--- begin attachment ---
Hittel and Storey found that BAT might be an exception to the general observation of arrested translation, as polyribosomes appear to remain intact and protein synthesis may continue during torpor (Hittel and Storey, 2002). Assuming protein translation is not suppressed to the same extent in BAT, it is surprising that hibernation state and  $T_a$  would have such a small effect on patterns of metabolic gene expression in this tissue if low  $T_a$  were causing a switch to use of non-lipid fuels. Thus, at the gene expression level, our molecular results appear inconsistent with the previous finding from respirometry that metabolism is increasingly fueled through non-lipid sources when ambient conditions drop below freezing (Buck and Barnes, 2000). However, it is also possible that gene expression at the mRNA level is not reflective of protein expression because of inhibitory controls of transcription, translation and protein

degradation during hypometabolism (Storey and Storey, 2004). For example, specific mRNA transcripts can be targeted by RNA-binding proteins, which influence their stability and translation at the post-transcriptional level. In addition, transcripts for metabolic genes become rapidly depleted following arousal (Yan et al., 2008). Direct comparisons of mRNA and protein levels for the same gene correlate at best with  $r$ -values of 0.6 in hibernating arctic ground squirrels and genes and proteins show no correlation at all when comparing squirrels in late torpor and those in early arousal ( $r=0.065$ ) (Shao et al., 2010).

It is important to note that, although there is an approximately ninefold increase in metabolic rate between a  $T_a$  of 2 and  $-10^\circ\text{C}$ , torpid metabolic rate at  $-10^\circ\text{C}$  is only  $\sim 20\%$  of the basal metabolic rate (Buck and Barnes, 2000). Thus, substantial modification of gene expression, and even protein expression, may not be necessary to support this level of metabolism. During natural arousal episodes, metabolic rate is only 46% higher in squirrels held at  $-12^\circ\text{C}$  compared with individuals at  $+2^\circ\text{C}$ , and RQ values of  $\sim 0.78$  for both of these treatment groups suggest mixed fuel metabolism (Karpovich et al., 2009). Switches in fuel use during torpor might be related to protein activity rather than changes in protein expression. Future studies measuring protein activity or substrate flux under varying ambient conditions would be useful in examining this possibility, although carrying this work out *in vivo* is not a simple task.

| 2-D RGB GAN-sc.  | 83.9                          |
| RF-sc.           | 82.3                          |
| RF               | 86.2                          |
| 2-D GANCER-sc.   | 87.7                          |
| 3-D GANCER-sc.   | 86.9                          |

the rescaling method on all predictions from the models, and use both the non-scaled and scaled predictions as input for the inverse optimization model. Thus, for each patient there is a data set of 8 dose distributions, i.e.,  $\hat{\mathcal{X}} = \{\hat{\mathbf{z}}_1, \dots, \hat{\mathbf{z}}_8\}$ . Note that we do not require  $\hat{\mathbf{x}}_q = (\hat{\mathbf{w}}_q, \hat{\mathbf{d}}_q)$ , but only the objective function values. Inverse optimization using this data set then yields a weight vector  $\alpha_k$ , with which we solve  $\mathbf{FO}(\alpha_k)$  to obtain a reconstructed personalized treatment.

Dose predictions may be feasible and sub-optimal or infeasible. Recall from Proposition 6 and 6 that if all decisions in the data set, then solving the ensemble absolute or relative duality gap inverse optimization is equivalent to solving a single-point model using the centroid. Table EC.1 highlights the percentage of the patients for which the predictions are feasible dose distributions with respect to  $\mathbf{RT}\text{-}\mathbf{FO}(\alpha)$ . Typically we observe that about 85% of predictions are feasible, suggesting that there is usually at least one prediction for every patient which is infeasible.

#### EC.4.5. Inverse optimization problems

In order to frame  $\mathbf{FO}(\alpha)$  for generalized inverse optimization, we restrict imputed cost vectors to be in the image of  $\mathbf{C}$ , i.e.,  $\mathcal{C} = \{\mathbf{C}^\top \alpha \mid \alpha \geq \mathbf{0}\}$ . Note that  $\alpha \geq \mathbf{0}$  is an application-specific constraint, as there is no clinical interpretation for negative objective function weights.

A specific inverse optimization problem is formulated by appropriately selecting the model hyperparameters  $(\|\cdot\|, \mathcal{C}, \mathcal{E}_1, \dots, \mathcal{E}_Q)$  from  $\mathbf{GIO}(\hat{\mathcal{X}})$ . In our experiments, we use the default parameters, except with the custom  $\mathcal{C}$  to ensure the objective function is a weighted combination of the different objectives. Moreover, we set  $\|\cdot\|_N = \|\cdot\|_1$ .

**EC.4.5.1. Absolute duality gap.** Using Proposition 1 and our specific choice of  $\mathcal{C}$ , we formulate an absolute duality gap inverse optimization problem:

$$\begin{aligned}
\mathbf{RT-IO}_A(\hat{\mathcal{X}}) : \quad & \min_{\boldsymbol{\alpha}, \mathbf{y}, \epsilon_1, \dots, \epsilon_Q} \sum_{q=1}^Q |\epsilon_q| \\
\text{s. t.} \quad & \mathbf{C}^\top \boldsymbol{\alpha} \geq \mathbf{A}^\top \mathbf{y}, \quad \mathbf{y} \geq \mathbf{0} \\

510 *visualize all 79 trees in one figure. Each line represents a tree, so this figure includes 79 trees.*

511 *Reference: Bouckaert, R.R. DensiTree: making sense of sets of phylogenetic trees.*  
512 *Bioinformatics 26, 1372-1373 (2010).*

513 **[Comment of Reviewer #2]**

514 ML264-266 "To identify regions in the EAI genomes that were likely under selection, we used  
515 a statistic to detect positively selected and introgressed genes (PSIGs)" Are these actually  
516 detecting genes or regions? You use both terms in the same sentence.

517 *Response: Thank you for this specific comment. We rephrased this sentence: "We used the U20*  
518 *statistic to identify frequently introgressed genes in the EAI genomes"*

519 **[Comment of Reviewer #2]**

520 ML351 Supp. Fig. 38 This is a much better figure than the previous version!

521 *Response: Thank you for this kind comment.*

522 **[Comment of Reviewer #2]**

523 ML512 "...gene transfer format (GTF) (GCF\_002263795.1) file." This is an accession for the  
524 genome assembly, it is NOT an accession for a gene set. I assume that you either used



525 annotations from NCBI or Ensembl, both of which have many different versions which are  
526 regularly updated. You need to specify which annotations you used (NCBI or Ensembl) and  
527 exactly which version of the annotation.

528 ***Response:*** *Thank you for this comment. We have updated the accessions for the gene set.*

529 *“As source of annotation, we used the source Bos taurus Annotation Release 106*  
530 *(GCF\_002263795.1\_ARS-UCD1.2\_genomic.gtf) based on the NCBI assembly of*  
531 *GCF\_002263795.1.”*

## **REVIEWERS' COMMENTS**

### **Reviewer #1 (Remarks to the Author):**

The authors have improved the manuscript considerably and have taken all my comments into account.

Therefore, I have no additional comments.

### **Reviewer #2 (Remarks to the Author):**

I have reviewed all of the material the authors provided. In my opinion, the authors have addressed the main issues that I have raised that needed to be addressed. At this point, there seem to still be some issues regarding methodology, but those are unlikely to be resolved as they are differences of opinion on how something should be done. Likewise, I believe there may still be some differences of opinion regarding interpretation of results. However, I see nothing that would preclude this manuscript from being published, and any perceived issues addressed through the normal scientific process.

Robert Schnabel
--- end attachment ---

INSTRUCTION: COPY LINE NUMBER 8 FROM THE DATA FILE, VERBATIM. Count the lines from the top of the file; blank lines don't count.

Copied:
| 3-D GANCER-sc.   | 86.9                          |